Two pretty bad teams (the Baltimore Ravens and the Cleveland Browns) played the most exciting game of the weekend (Monday, November 30, 2015). The Ravens won on a game-ending blocked field goal return for a touchdown. This victory propelled Baltimore into the playoff picture. This team has lost three starting offensive lineman, two starting receivers, the starting running back and his backup, the quarterback (at one time the highest-paid player in the league), the starting tight end, a pro-bowl linebacker, and more…but it is not out of the realm of possibility that the Ravens could represent the AFC in Super Bowl 50.
The NFL is really so awful that you don’t have to be good. A shade less than “really bad” should do it.
Here’s the AFC
1 team with 10 wins
2 teams with 9 wins
5 teams with 6 wins
2 teams with 5 wins
3 teams with 4 wins
1 team with 3 wins
2 teams with 2 wins
Wild card leaders are 6–5.
The NFC is just as bad, with the NFC East dominated by co-leaders the Washington ______________* and the New York Giants at 5–6.
*Please fill in the name after “Washington,” as we don’t want to detract from Facebook users, and other users of social media, from posting cute kitty videos, pictures of their food, and ranting about all the presidential candidates.
Our underdog, as the NFC representative, would be the Philadelphia Eagles at 4–7. Ravens vs. Eagles would be fitting, as Super Bowl 50 would be for the birds and a graphic statement about the NFL product.
**The sentimental favorite from the division would be America’s team, the Dallas Cowboys, home to Greg “The Charges Were Dropped” Hardy. At 3–8, they’re only two games out of first place.
NFL records this season (that would include police records) indicate more hitting is taking place in the home than on the field. The NFL is a money-machine phenomenon that offers a pretty bad on-the-field product that gets in-game oversight by employing referees that are not professionals.
What fuels this?
The NFL and its violent, mediocre product cashes in on advertisers in a multi-billion-dollar* take as it continues to capture the “hearts and minds” of Americans.
*In 2013, ESPN did over 1 billion dollars alone on Monday Night Football.
But for the first time, we are all finding out what DraftKings and FanDuel take the lead in: aggressiveness and their skill in placing insidious messaging into awful communications in their quest to take money out of the pockets of the populace.
It’s apparent that DraftKings and FanDuel do not condone any form of gambling; they offer games of skill that allow average citizens to run their own pro football teams. These altruistic companies offer a chance for friends to get together and test their “NFL GM” knowledge in amiable “fantasy” contests that help bring families and the aforementioned friends together to watch wonderful guys gladly sacrifice their brains and bodies each week.
These illustrious “startups” like to get the word out. In September of 2015, they spent a combined $31 million for roughly 9,000 national television spots.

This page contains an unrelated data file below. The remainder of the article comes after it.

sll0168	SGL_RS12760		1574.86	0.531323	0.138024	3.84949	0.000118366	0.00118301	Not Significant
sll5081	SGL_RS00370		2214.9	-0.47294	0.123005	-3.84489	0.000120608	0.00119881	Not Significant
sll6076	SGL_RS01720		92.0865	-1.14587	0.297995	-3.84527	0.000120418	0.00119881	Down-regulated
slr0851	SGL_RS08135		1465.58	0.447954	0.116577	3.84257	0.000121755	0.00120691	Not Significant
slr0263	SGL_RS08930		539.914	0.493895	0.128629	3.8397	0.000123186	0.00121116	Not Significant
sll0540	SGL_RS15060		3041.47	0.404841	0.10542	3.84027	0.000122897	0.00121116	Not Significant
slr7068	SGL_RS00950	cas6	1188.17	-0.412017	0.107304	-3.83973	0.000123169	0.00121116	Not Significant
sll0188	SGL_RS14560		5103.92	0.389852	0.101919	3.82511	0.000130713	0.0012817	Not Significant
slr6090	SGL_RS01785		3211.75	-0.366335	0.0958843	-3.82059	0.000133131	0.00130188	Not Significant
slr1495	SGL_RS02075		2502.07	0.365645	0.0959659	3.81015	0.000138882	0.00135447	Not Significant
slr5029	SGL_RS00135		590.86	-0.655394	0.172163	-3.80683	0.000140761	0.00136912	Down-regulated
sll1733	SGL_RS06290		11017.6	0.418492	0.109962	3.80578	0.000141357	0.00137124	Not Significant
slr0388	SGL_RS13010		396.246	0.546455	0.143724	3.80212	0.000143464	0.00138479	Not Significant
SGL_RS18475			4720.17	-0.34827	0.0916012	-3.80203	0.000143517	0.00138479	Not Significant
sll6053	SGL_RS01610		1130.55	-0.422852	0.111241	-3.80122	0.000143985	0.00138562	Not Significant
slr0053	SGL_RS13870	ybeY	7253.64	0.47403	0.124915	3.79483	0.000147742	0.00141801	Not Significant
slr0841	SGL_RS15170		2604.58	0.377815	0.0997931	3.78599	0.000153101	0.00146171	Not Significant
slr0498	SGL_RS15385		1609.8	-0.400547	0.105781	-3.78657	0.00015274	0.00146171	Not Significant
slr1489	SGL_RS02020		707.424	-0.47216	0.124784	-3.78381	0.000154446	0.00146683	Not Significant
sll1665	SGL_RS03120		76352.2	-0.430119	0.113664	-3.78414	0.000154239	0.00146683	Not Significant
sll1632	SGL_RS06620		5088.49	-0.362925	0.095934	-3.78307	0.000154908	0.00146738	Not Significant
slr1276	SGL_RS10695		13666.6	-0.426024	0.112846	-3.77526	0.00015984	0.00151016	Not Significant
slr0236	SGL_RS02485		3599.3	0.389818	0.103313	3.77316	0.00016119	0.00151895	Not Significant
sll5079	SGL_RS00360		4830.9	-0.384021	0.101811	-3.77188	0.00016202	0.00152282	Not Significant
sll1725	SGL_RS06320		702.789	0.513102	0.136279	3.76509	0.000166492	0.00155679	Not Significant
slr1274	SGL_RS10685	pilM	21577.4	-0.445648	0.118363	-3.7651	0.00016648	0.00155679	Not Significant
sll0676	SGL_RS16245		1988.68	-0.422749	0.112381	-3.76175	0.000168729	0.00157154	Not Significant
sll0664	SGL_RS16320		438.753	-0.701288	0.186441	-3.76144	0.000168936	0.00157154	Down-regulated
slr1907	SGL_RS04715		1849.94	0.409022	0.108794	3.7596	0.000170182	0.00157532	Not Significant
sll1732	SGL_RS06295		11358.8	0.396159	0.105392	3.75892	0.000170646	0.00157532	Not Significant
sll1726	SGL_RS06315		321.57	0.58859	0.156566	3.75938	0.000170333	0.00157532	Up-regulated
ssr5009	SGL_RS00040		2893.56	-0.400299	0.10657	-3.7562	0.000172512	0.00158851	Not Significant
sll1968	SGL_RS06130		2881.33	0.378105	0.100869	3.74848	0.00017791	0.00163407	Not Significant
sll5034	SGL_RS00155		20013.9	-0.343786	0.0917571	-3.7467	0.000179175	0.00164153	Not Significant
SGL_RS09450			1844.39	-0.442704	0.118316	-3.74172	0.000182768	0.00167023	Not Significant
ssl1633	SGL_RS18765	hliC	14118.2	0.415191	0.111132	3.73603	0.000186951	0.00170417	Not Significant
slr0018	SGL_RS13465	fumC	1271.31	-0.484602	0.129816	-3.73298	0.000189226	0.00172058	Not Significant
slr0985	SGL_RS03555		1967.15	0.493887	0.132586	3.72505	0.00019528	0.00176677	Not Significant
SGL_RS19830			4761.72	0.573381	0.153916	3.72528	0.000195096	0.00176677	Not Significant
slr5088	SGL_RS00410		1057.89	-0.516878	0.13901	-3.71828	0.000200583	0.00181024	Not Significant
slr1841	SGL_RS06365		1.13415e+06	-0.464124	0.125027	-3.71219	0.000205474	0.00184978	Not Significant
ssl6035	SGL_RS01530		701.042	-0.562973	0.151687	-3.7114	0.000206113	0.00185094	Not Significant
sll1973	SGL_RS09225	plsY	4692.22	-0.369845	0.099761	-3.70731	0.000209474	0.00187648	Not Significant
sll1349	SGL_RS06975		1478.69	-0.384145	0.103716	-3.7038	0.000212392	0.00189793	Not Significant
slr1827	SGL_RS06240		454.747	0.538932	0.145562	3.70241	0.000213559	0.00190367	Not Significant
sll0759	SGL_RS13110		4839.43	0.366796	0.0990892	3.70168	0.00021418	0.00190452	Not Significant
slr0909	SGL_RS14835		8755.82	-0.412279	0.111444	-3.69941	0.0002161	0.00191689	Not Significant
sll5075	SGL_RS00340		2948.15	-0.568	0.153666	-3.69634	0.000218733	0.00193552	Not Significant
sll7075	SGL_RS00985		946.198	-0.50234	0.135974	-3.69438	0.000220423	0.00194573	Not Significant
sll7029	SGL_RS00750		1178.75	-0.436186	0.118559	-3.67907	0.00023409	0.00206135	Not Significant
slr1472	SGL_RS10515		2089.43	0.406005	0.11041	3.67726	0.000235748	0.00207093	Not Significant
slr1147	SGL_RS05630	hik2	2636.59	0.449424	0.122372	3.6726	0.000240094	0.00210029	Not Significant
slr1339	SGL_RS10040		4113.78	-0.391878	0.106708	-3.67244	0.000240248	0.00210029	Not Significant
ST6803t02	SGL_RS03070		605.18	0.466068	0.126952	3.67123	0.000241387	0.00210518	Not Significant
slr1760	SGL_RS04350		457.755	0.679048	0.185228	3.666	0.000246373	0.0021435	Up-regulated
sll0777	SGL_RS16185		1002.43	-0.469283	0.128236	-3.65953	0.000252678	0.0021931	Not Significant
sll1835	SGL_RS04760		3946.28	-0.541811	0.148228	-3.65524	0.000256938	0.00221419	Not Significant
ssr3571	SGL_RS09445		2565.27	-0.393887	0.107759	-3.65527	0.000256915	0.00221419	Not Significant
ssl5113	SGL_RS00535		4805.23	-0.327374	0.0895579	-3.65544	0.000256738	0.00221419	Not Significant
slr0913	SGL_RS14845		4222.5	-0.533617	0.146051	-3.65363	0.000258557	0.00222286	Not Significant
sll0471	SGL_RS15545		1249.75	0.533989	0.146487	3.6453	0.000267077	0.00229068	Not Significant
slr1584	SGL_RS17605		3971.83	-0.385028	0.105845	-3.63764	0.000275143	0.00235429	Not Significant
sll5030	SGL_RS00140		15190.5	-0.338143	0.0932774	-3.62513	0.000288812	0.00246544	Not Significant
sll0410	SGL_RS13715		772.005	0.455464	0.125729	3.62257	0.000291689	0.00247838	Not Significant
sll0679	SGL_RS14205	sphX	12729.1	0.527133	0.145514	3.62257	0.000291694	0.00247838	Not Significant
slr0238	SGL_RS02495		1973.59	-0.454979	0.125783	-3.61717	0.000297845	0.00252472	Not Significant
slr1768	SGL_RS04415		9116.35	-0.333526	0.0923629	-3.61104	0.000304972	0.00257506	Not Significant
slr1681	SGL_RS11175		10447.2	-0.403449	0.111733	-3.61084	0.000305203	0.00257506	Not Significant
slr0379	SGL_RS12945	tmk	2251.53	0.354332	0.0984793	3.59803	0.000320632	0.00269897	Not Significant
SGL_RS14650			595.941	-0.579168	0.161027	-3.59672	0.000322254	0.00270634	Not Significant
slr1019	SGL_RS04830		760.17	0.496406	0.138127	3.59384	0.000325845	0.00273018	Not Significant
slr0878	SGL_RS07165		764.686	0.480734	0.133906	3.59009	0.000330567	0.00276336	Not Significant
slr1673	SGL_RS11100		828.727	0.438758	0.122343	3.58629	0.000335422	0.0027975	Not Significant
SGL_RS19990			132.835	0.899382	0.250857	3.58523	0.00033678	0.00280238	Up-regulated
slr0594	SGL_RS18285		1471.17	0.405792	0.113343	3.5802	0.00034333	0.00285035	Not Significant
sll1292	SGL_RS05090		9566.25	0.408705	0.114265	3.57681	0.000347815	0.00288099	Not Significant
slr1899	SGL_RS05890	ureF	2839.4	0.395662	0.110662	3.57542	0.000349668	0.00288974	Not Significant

Check their revenues against their ad spend, and then check out those valuations.
From INC, October 9, 2015
Valuation: $1.2 billion
Total capital raised: $375 million
2014 Revenues: $30 million
2015 TV ad spend to Oct. 5: $131.4 million
Valuation: $1.3 billion
Total capital raised: $361 million
2014 Revenues: $57 million
2015 TV ad spend to Oct. 5: $74.5 million
iSpot TV throws this in:
“DraftKings and FanDuel together have spent $107 million on network advertising since September of 2015. And 50.3 million dollars was spent on the National Football League broadcasts on NBC, ESPN, CBS, Fox, and the NFL Network.”
But wait, there’s more:
From Fortune Magazine:
Amidst the controversy, DraftKings and FanDuel had their best NFL Sunday ever.
By Daniel Roberts
“Just days after a major scandal erupted involving daily fantasy sports sites DraftKings and FanDuel, the two companies managed to have their best weekend ever. It suggests that what looked like a P.R. nightmare for these red-hot startups had no negative impact on its customers—rather, it may have helped the companies stoke interest.”
It gets better.
From the NY Times:
“Fantasy contests have become so popular, and their advertisements so ubiquitous, that gambling counselors say young children are now playing with their fathers or, in some cases, by themselves. Neva Pryor, who counsels gamblers in New Jersey, said that at a recent conference, teachers were saying that on Monday mornings, “all the students talk about is fantasy sports.”
We suppose that betting on ball with your kid is better than playing ball with your kid.
People bet on the NFL, and that’s the real national pastime. Now companies are betting millions that you’re going to give them “money for nothing.” Don’t bet for few days, don’t play fantasy sports for a few days; turn off your TVs and leave them off for just a few days: Sunday (Sunday Night Football, NBC, 2015, $623,445, per spot) and Monday (Monday Night Football, ESPN, 2015, $388,176 per spot). See what happens.
If you play “fantasy,” remember, it’s a fantasy. You’re not going to win. You’re gambling, and the house doesn’t lose. The advertising makes it look easy. In reality, and just like the 31 losing General Managers in the NFL, you are going to lose more than you win. Real General Managers make millions making personnel decisions and use other peoples’ money (the owners’). What do you make? Whose money are you using?